This comparison may have been somewhat flawed since these training methods theoretically produced different training effects. Nonetheless it has been proven to be quite effective. It was used frequently in the 1960s and 1970s by lifters seeking maximal strength gains. It was a favorite among powerlifters, and in fact was used by former powerlifting champion and writer Dr. Mauro Di Pasquale. In 1969 he wrote about this training method in none other than Bob Hoffman's Muscular Development magazine. This system has endured the test of time as a tried and proven method with a strong emphasis on the concept of progressive overload. When I first became "serious" about lifting and sought to educate myself, I bought and read a book called "Inside Powerlifting" by Dr. Terry Todd in 1977. The program was mentioned in the book and became the foundation of my training program for the core lifts. My main purpose at that time was gaining maximal strength which at that time was also useful in my job as an Air Force Firefighter. But something unexpected happened. I actually got a lot bigger too! Over the years this period of growth was probably the largest I have ever experienced. So I figured that this program was for real. To be fair, some of this growth was probably attributed to expected large initial gains. But it was clear to me that although being quite taxing it flat out works for strength and probably was useful as a hypertrophy tool as well when not overdone.

What makes it so great? First off is simplicity. This system is very easy to implement and track progress on the main lifts based on the principle of progressive overload. The idea is to perform several warm-up sets of an exercise with light to moderate weights before proceeding to the work sets. The first work set is the lightest weight performed for 5 reps with a weight you could do for say 8 reps or so. Each successive set diminishes by one repetition with a concurrent increase in weight by about 2.5-5 percent depending on your strength level. This process continues for each subsequent set and culminates with the last set performed for 1 repetition with the maximal weight possible. After successful completion of all reps the next workout would see an increase in the amount of weight for each set and the process continues. This is called "Neural Preparation" because it teaches the muscle to prime itself for a maximum effort while reducing the risk for injury. Psychologically, this system is useful because in the lifter's mind those dreaded reps are diminishing with each set so each set seems more palatable even though the amount of weight on the bar continuously goes up. Because of this, each set becomes more intense, so intensity is the main driving force for growth rather than volume. It is always emotionally gratifying to set personal records on a fairly frequent basis, and this method can produce those kinds of results.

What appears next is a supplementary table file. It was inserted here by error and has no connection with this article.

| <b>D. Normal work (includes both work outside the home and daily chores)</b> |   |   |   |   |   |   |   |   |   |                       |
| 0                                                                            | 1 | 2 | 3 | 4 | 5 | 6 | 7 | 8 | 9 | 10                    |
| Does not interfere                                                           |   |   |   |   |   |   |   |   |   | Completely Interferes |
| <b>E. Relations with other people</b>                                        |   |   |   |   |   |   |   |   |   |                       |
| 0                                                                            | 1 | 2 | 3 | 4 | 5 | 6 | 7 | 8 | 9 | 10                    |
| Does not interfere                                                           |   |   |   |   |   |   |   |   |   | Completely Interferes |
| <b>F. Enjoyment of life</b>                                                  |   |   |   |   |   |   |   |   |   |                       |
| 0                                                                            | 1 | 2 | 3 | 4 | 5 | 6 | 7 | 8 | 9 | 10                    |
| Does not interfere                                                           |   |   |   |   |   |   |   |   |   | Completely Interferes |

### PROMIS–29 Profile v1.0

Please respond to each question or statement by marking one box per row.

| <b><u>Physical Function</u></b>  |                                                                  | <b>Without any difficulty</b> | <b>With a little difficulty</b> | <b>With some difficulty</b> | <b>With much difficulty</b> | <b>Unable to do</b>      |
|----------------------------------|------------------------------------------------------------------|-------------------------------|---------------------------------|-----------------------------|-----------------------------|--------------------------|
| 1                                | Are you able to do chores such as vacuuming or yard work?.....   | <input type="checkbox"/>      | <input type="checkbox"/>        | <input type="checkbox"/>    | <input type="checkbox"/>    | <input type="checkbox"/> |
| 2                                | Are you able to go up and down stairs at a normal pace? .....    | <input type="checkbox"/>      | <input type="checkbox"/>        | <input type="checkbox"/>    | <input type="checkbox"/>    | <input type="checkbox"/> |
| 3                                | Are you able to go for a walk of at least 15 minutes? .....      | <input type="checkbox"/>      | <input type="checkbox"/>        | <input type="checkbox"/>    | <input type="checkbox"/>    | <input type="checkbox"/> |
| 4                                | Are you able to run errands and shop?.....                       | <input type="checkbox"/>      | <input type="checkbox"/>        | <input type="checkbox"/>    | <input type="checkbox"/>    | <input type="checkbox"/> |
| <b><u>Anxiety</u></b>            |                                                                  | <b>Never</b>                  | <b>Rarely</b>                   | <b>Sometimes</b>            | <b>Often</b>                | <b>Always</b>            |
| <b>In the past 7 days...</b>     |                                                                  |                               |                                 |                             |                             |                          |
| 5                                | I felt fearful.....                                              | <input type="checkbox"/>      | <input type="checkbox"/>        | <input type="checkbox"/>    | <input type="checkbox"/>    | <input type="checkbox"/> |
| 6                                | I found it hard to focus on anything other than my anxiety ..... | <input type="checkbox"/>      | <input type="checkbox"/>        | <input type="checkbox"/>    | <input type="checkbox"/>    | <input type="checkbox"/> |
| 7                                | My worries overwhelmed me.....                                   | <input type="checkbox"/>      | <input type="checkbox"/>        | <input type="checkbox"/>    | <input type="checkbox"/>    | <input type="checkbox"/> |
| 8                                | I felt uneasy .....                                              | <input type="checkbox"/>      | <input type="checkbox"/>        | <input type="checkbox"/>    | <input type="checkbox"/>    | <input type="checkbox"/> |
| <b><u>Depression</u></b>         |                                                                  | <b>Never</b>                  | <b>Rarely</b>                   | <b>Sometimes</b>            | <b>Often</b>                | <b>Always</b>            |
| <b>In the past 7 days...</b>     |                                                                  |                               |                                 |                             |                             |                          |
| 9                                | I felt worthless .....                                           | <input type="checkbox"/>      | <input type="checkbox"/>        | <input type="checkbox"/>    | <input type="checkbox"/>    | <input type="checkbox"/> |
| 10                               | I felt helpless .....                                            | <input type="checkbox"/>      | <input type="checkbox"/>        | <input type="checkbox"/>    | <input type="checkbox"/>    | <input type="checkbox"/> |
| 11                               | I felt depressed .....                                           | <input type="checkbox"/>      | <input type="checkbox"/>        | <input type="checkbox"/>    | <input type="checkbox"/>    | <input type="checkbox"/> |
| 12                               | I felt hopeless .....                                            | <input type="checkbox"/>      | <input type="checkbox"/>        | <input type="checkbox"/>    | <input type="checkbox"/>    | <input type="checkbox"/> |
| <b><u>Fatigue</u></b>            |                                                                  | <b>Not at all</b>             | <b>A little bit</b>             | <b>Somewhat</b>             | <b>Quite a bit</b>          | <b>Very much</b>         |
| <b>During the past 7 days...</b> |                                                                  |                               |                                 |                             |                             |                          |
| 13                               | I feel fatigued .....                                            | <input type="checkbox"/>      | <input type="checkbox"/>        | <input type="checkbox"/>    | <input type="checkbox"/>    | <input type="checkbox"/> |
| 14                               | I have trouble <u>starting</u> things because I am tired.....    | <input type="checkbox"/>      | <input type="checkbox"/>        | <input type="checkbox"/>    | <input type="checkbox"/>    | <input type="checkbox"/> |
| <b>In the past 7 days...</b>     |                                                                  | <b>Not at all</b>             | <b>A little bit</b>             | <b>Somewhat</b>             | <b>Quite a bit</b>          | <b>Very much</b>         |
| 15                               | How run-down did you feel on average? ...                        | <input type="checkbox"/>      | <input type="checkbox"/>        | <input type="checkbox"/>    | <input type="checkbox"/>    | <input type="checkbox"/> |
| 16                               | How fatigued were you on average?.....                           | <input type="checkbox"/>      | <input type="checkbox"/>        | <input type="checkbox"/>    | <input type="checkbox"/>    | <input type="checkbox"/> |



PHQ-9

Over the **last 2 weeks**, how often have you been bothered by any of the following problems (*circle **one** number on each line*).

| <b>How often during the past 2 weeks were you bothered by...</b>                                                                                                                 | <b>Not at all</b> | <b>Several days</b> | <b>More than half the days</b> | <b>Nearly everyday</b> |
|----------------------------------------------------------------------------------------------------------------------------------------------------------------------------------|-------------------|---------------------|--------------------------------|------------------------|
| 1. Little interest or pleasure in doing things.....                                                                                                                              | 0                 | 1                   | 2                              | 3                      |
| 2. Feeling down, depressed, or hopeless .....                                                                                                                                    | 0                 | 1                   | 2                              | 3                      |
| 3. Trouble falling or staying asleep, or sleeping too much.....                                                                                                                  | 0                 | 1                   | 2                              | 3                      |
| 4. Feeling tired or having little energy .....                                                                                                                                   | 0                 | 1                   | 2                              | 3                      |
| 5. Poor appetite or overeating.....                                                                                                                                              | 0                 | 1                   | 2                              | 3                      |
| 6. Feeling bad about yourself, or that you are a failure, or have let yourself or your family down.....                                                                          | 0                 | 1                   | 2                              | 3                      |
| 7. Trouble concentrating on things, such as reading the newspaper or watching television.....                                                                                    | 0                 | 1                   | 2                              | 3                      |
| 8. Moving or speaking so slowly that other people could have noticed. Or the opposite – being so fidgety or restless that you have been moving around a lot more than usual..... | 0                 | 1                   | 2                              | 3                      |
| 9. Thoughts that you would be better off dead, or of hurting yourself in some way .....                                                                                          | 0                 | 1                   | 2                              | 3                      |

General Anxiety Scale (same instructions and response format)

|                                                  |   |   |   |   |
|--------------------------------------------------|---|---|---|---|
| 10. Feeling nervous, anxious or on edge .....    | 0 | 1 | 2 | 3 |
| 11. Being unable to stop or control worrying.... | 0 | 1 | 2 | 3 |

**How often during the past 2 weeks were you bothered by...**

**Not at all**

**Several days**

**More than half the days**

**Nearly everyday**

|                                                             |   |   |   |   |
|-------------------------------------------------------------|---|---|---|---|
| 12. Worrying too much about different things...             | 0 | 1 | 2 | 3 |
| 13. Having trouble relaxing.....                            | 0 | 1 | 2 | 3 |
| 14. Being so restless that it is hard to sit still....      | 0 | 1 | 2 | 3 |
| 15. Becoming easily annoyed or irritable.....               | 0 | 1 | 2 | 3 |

One limitation of this training method is that it seems to work best when used on multi-joint compound lifts like "The Big Three", presses, rows, and so forth. It does have some limited uses on certain isolation exercises such as barbell curls, but those types of exercises seem better suited to more traditional set and repetition schemes utilizing more volume. It also might be a good idea to rotate out every so often to that type of training to alleviate boredom and add some variety and give the body a rest from the grind. Care should be limited to the number of exercises assigned to this protocol in a given workout to one or perhaps two, as it is very intense and overdoing could increase the risk of injury or cause gains to stagnate. The following is a sample program using the "5-4-3-2-1 Training Method".


1. Deadlifts 5x5
3. PULL UPS 3x6-8
8. AB WORK 2x15


3. LEG PRESSES 3x8-10
4, LEG CURLS 3x10-12
7. CALF RAISES 3x15-20
8. AB WORK 2x10-12


1. SQUATS 5x5
3. LEG PRESSES 3x10-12
5. LAT PULLDOWNS 3x12-15
6. DUMBELL FLYS 3x10-12
8. AB/CORE WORK 2x 8-10

Now it should be apparent that there are a number of ways to implement this program and allow for flexibility of program design depending on individual preferences. Variations could include experimenting with different exercises for strength or hypertrophy emphasis, rotating core exercises every so often, alternating this program each week with more traditional programs, adding/deleting exercises for variety and so on. It is fine to be creative since there is really no one right way to run this program as long as the basic guidelines are followed. Experiment and learn as you go along.
Finally, it is important to realize that no one program works forever no matter how good it might be. But this program is a great staple in any intermediate or advanced program. Although I was "technically a beginner when I did this program in 1977, I soon realized how taxing it was and required adequate warm-up to avoid injury and really was better suited for more advanced lifters than myself. This program is best run after perhaps a year or more of solid training and gaining technical experience and perfecting exercise form. This disclaimer is important because as previously stated the program can be brutal and is not for the faint of heart. But if you are fairly advanced and would like to rejuvenate a stagnating program and gain some decent "OLD SCHOOL" size and strength, why not give the "5-4-3-2-1 Weight Program" a try. You will be very happy with your gains I promise you.

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Monday, March 2, 2020

Get Stuart's New Book - By Bob Whelan

I was very impressed with Stuart's latest Book, A MAN DEVOURED. It took a lot of courage to expose his own flaws and struggles and lay it out in the open in an honest public way. This book was sort of a surprise and is not easy for me to write about but I gained even more respect for Stuart after reading it.

I have known Stuart for almost 30 years. I was a regular writer for his great magazine HARDGAINER from 1994 to 2004 so I already had a great deal of respect for him. I have read almost all of his books and consider this one to be one of his best. It is well organised and surprisingly easy to read. Stuart bares his soul and exposes his demons and does not hold anything back.

This book is sure to help those who struggle with Orthorexia, Muscle Dysmorphia and OCPD, but it will also help anyone who just wants to have better relationships, and a more balanced and happy life. I highly recommend this book. Well done Stuart!